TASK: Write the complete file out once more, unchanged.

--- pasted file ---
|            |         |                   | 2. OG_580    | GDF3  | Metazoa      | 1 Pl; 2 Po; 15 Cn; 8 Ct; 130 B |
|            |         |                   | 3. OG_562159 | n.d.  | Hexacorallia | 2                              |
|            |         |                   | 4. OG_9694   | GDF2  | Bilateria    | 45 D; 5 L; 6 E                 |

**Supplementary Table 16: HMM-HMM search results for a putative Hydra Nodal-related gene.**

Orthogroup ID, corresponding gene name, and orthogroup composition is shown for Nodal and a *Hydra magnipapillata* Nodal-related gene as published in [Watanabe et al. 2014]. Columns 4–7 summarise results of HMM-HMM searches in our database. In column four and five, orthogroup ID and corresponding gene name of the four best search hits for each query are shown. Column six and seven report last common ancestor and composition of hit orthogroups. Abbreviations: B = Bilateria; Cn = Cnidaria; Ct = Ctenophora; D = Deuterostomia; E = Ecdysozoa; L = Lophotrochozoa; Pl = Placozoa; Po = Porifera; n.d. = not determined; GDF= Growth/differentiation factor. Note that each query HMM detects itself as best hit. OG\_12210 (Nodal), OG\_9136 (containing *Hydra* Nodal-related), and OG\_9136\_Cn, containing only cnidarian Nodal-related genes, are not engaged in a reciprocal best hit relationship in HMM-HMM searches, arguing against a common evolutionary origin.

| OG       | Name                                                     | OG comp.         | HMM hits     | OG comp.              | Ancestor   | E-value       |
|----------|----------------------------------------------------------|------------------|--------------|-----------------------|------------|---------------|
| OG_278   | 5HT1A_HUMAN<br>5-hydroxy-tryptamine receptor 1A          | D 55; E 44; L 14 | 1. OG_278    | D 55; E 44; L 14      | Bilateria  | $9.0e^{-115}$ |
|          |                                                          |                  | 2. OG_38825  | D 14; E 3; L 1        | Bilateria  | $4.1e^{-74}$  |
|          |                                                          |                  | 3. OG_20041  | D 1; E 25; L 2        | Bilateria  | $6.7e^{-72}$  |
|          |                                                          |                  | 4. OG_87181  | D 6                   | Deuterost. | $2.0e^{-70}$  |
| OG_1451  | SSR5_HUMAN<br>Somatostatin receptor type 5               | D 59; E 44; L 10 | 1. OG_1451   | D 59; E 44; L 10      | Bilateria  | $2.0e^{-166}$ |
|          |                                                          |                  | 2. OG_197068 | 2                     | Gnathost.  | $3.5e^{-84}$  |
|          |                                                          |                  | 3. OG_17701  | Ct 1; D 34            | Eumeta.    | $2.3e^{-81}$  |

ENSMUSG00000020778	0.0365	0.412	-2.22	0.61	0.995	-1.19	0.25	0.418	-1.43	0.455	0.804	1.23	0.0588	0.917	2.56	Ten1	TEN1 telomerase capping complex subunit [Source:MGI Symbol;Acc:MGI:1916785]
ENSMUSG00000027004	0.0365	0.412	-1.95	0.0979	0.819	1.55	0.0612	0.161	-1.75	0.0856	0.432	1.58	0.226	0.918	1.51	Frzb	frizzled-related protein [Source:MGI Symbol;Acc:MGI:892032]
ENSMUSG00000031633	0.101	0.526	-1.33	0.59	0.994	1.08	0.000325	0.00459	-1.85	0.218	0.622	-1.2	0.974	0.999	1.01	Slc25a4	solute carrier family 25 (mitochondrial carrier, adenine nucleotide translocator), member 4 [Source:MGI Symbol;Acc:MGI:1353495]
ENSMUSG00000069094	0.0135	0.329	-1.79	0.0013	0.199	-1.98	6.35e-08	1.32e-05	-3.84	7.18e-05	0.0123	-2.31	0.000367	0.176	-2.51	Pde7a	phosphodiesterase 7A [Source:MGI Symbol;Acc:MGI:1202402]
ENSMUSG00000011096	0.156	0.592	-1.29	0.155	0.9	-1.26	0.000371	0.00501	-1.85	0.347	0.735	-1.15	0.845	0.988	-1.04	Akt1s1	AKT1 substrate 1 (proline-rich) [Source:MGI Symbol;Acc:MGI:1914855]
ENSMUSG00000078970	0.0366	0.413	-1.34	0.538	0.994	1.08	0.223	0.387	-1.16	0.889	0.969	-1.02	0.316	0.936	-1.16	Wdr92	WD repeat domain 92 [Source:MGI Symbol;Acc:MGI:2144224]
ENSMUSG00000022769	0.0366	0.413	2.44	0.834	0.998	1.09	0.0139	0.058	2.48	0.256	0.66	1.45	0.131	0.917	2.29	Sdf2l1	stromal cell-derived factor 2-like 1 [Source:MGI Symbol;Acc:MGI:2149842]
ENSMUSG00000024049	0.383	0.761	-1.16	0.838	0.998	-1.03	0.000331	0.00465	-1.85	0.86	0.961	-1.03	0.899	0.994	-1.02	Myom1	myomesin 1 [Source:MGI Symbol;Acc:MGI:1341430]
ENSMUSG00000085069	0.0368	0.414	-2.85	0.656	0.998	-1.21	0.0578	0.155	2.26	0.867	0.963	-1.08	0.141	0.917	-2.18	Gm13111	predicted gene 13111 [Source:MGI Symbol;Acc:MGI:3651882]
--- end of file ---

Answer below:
|            |         |                   | 2. OG_580    | GDF3  | Metazoa      | 1 Pl; 2 Po; 15 Cn; 8 Ct; 130 B |
|            |         |                   | 3. OG_562159 | n.d.  | Hexacorallia | 2                              |
|            |         |                   | 4. OG_9694   | GDF2  | Bilateria    | 45 D; 5 L; 6 E                 |

**Supplementary Table 16: HMM-HMM search results for a putative Hydra Nodal-related gene.**

Orthogroup ID, corresponding gene name, and orthogroup composition is shown for Nodal and a *Hydra magnipapillata* Nodal-related gene as published in [Watanabe et al. 2014]. Columns 4–7 summarise results of HMM-HMM searches in our database. In column four and five, orthogroup ID and corresponding gene name of the four best search hits for each query are shown. Column six and seven report last common ancestor and composition of hit orthogroups. Abbreviations: B = Bilateria; Cn = Cnidaria; Ct = Ctenophora; D = Deuterostomia; E = Ecdysozoa; L = Lophotrochozoa; Pl = Placozoa; Po = Porifera; n.d. = not determined; GDF= Growth/differentiation factor. Note that each query HMM detects itself as best hit. OG\_12210 (Nodal), OG\_9136 (containing *Hydra* Nodal-related), and OG\_9136\_Cn, containing only cnidarian Nodal-related genes, are not engaged in a reciprocal best hit relationship in HMM-HMM searches, arguing against a common evolutionary origin.

| OG       | Name                                                     | OG comp.         | HMM hits     | OG comp.              | Ancestor   | E-value       |
|----------|----------------------------------------------------------|------------------|--------------|-----------------------|------------|---------------|
| OG_278   | 5HT1A_HUMAN<br>5-hydroxy-tryptamine receptor 1A          | D 55; E 44; L 14 | 1. OG_278    | D 55; E 44; L 14      | Bilateria  | $9.0e^{-115}$ |
|          |                                                          |                  | 2. OG_38825  | D 14; E 3; L 1        | Bilateria  | $4.1e^{-74}$  |
|          |                                                          |                  | 3. OG_20041  | D 1; E 25; L 2        | Bilateria  | $6.7e^{-72}$  |
|          |                                                          |                  | 4. OG_87181  | D 6                   | Deuterost. | $2.0e^{-70}$  |
| OG_1451  | SSR5_HUMAN<br>Somatostatin receptor type 5               | D 59; E 44; L 10 | 1. OG_1451   | D 59; E 44; L 10      | Bilateria  | $2.0e^{-166}$ |
|          |                                                          |                  | 2. OG_197068 | 2                     | Gnathost.  | $3.5e^{-84}$  |
|          |                                                          |                  | 3. OG_17701  | Ct 1; D 34            | Eumeta.    | $2.3e^{-81}$  |

ENSMUSG00000020778	0.0365	0.412	-2.22	0.61	0.995	-1.19	0.25	0.418	-1.43	0.455	0.804	1.23	0.0588	0.917	2.56	Ten1	TEN1 telomerase capping complex subunit [Source:MGI Symbol;Acc:MGI:1916785]
ENSMUSG00000027004	0.0365	0.412	-1.95	0.0979	0.819	1.55	0.0612	0.161	-1.75	0.0856	0.432	1.58	0.226	0.918	1.51	Frzb	frizzled-related protein [Source:MGI Symbol;Acc:MGI:892032]
ENSMUSG00000031633	0.101	0.526	-1.33	0.59	0.994	1.08	0.000325	0.00459	-1.85	0.218	0.622	-1.2	0.974	0.999	1.01	Slc25a4	solute carrier family 25 (mitochondrial carrier, adenine nucleotide translocator), member 4 [Source:MGI Symbol;Acc:MGI:1353495]
ENSMUSG00000069094	0.0135	0.329	-1.79	0.0013	0.199	-1.98	6.35e-08	1.32e-05	-3.84	7.18e-05	0.0123	-2.31	0.000367	0.176	-2.51	Pde7a	phosphodiesterase 7A [Source:MGI Symbol;Acc:MGI:1202402]
ENSMUSG00000011096	0.156	0.592	-1.29	0.155	0.9	-1.26	0.000371	0.00501	-1.85	0.347	0.735	-1.15	0.845	0.988	-1.04	Akt1s1	AKT1 substrate 1 (proline-rich) [Source:MGI Symbol;Acc:MGI:1914855]
ENSMUSG00000078970	0.0366	0.413	-1.34	0.538	0.994	1.08	0.223	0.387	-1.16	0.889	0.969	-1.02	0.316	0.936	-1.16	Wdr92	WD repeat domain 92 [Source:MGI Symbol;Acc:MGI:2144224]
ENSMUSG00000022769	0.0366	0.413	2.44	0.834	0.998	1.09	0.0139	0.058	2.48	0.256	0.66	1.45	0.131	0.917	2.29	Sdf2l1	stromal cell-derived factor 2-like 1 [Source:MGI Symbol;Acc:MGI:2149842]
ENSMUSG00000024049	0.383	0.761	-1.16	0.838	0.998	-1.03	0.000331	0.00465	-1.85	0.86	0.961	-1.03	0.899	0.994	-1.02	Myom1	myomesin 1 [Source:MGI Symbol;Acc:MGI:1341430]
ENSMUSG00000085069	0.0368	0.414	-2.85	0.656	0.998	-1.21	0.0578	0.155	2.26	0.867	0.963	-1.08	0.141	0.917	-2.18	Gm13111	predicted gene 13111 [Source:MGI Symbol;Acc:MGI:3651882]